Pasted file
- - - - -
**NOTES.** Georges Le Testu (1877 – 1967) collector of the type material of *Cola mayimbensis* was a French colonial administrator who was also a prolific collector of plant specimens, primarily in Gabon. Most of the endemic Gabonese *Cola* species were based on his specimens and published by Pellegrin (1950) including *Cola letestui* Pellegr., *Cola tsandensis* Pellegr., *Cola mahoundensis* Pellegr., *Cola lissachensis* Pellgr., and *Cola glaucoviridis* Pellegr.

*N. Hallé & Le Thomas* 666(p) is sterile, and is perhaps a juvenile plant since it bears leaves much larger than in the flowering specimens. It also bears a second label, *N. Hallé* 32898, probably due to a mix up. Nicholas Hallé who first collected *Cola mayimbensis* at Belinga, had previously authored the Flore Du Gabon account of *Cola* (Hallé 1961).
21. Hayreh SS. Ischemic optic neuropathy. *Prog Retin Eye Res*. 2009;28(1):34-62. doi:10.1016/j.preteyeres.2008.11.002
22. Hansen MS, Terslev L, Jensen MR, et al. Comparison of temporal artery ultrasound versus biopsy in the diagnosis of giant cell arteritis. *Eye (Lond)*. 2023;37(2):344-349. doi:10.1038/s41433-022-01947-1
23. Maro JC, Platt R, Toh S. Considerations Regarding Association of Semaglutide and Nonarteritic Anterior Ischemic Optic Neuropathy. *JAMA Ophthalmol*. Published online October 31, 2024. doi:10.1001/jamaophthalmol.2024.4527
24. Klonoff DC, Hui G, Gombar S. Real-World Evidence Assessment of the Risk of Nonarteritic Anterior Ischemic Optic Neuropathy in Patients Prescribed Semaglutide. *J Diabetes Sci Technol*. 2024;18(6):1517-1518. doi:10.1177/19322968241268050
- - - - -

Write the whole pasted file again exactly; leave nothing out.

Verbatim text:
**NOTES.** Georges Le Testu (1877 – 1967) collector of the type material of *Cola mayimbensis* was a French colonial administrator who was also a prolific collector of plant specimens, primarily in Gabon. Most of the endemic Gabonese *Cola* species were based on his specimens and published by Pellegrin (1950) including *Cola letestui* Pellegr., *Cola tsandensis* Pellegr., *Cola mahoundensis* Pellegr., *Cola lissachensis* Pellgr., and *Cola glaucoviridis* Pellegr.

*N. Hallé & Le Thomas* 666(p) is sterile, and is perhaps a juvenile plant since it bears leaves much larger than in the flowering specimens. It also bears a second label, *N. Hallé* 32898, probably due to a mix up. Nicholas Hallé who first collected *Cola mayimbensis* at Belinga, had previously authored the Flore Du Gabon account of *Cola* (Hallé 1961).
21. Hayreh SS. Ischemic optic neuropathy. *Prog Retin Eye Res*. 2009;28(1):34-62. doi:10.1016/j.preteyeres.2008.11.002
22. Hansen MS, Terslev L, Jensen MR, et al. Comparison of temporal artery ultrasound versus biopsy in the diagnosis of giant cell arteritis. *Eye (Lond)*. 2023;37(2):344-349. doi:10.1038/s41433-022-01947-1
23. Maro JC, Platt R, Toh S. Considerations Regarding Association of Semaglutide and Nonarteritic Anterior Ischemic Optic Neuropathy. *JAMA Ophthalmol*. Published online October 31, 2024. doi:10.1001/jamaophthalmol.2024.4527
24. Klonoff DC, Hui G, Gombar S. Real-World Evidence Assessment of the Risk of Nonarteritic Anterior Ischemic Optic Neuropathy in Patients Prescribed Semaglutide. *J Diabetes Sci Technol*. 2024;18(6):1517-1518. doi:10.1177/19322968241268050